Wednesday, September 14, 2011

Nigel Farage: Greece under Dictatorship

Nigel Farage: Greece under "Troica" Commission-ECB-IMF Dictatorship


USA Continues to Threaten RUSSIA

A missile pact between US and Romania does not sit in the background of resetting relations between US and Russia. Experts believe Washington never gave up an idea to get close to Russian borders. Brian Becker from Answer, the Act Now to Stop War and End Racism coalition, says Washington never gave up on its intention to get closer to Russia’s borders.
“The US won’t give that guarantee because the US indeed intends to use the missile defense shield as part of the first-strike threat capability against Russia and China in the future,” he claimed.

“When the cold war ended, when the Warsaw Pact was disbanded, one would rationally think that this would be a time of compromise, of peace, of de-escalation of tension,” Becker said. “But instead, the US military, not the people, saw this as an opportunity to get unilateral power over the former Soviet bloc countries, and Russia in particular. And underlying all this is a basic strategic calculation that those who have the greatest number of weapons and those who can do the most damage will ultimately be able to force the others to accept the terms of whatever political context is going on later in the future.”

Becker warned that the missile defence shield is actually an effort by Washington to expand its influence in the region.

“The US is using the terms of these agreements with Romania and other eastern and Central European countries as a way of integrating them into NATO, into what really is an American sphere of influence, so that they look at Eastern and Central Europe in the post-Soviet era as an attempt to expand America’s sphere of influence – right up to Russia’s borders,” he declared.

Fatherhood "Good for Your Health"

It seems it’s not just women who are biologically wired to nurture their babies — fathers also go through hormonal changes to help them care for their children.

In many species of mammal the male takes a major role in caring for offspring and now new research points to humans having the same capability.

A new study has found that upon becoming a father a man’s testosterone levels decrease. While testosterone helps the males of species compete for a mate it is not necessarily conducive to fatherhood, hence the reduction in levels.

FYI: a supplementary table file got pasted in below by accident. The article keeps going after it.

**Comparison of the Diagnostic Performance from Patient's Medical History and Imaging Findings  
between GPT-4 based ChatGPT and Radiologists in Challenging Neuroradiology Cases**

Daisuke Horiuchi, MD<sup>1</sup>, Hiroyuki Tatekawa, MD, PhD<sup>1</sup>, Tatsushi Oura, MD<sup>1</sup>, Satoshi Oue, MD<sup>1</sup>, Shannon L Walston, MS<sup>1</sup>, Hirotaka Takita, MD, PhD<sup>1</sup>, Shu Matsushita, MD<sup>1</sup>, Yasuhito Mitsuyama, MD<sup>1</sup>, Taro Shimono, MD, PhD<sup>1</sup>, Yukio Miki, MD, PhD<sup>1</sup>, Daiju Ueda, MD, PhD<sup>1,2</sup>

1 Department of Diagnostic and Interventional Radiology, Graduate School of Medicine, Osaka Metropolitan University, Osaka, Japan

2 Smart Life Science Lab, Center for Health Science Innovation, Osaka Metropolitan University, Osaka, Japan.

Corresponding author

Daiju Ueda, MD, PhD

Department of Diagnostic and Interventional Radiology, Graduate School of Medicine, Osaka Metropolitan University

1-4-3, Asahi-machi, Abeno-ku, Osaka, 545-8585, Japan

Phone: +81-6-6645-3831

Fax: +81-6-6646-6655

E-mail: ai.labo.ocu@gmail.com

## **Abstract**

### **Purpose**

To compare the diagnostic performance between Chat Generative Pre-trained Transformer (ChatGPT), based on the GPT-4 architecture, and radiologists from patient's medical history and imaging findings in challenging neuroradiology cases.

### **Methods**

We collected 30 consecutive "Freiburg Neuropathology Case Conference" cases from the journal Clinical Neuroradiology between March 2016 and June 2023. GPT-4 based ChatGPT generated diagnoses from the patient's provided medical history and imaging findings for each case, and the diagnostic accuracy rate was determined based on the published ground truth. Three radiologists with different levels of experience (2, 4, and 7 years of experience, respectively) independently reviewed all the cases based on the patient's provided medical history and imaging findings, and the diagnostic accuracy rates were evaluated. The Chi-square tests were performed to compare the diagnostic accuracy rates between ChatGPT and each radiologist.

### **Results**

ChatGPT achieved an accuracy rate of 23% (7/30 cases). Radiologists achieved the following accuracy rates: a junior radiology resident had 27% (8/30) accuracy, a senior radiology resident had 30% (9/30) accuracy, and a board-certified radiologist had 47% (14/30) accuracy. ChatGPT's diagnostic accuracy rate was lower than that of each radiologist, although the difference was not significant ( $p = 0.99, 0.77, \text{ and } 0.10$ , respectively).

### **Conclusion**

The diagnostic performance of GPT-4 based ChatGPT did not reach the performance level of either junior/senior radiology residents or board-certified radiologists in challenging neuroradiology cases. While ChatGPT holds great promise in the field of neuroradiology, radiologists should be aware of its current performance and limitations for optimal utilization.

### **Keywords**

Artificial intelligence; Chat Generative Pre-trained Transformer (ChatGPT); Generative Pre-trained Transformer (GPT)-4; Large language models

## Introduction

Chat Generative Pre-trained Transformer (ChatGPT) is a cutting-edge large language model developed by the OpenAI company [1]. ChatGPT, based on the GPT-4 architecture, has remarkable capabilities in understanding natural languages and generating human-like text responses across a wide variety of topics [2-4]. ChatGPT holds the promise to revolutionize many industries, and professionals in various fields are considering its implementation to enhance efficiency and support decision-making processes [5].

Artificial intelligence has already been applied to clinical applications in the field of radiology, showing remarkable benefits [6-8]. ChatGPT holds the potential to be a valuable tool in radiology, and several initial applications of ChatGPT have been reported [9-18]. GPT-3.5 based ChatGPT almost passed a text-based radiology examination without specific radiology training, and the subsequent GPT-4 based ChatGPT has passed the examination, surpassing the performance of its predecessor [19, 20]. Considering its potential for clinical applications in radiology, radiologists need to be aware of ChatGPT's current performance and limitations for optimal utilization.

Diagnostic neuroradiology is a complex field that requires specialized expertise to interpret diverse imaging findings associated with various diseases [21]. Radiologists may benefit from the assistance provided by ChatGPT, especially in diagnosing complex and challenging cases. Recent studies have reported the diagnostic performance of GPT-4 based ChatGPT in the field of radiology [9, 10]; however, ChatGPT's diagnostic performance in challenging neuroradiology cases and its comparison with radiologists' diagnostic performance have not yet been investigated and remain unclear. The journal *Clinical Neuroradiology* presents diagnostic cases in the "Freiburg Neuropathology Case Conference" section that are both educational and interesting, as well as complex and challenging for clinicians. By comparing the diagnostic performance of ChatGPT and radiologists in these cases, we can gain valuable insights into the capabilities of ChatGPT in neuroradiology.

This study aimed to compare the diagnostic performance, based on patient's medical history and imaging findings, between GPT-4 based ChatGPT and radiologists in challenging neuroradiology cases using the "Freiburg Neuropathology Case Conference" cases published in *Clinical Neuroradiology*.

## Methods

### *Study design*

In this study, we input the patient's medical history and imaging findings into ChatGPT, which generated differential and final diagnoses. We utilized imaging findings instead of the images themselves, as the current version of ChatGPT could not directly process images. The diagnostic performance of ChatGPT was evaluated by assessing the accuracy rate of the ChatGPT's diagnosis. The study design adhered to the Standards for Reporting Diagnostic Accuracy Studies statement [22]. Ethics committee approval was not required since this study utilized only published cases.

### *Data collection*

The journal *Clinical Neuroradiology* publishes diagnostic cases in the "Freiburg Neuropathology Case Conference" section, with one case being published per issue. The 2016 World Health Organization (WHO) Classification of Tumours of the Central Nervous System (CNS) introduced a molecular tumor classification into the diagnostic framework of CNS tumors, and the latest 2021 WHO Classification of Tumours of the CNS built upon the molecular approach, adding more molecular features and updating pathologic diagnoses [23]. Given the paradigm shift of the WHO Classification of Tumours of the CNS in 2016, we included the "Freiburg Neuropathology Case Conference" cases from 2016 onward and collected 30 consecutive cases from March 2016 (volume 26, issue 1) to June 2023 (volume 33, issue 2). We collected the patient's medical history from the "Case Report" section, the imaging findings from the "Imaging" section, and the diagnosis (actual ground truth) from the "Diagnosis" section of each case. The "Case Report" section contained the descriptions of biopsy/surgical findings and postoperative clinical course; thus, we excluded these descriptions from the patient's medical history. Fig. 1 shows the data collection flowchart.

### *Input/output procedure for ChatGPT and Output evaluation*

Although previous studies have pointed to this phenomenon they have been too small to be conclusive and have not identified whether fatherhood reduced testosterone levels or whether men with lower levels of testosterone were more likely to become fathers.

But this study carried out by scientists at Northwestern University in Chicago, US and the Office of Population Studies Foundation in the Philippines followed a group of 624 men in the Philippines, aged between 21 and 26 years old, for more than four years. None were fathers to start with so the changes in their testosterone levels on becoming a father could be measured.

The researchers found that men with higher levels of testosterone were more likely to become fathers but once they had their levels dropped substantially. “Our findings suggest that this is especially true for fathers who become the most involved with child care,” said Lee Gettler, an anthropologist and co-author of the study.

The emotional and physical changes a new father goes through can be significant and the study found that fathers often go through a very large, but temporary, dip in testosterone when they first bring home their newborn baby. “Our study indicates that a man’s biology can change substantially to help meet those demands,” said Gettler.

And there appears to be another interesting side-effect to these results which may explain why single men often have poorer health than married men and fathers. The lower testosterone levels may help protect the men against some chronic diseases as they age.

“Humans are unusual among mammals in that our offspring are dependent upon older individuals for feeding and protection for more than a decade,” said Christopher Kuzawa, co-author of the study and associate professor of anthropology in the Weinberg College of Arts and Sciences, and faculty fellow at the Institute for Policy Research at Northwestern. “Raising human offspring is such an effort that it is cooperative by necessity, and our study shows that human fathers are biologically wired to help with the job.”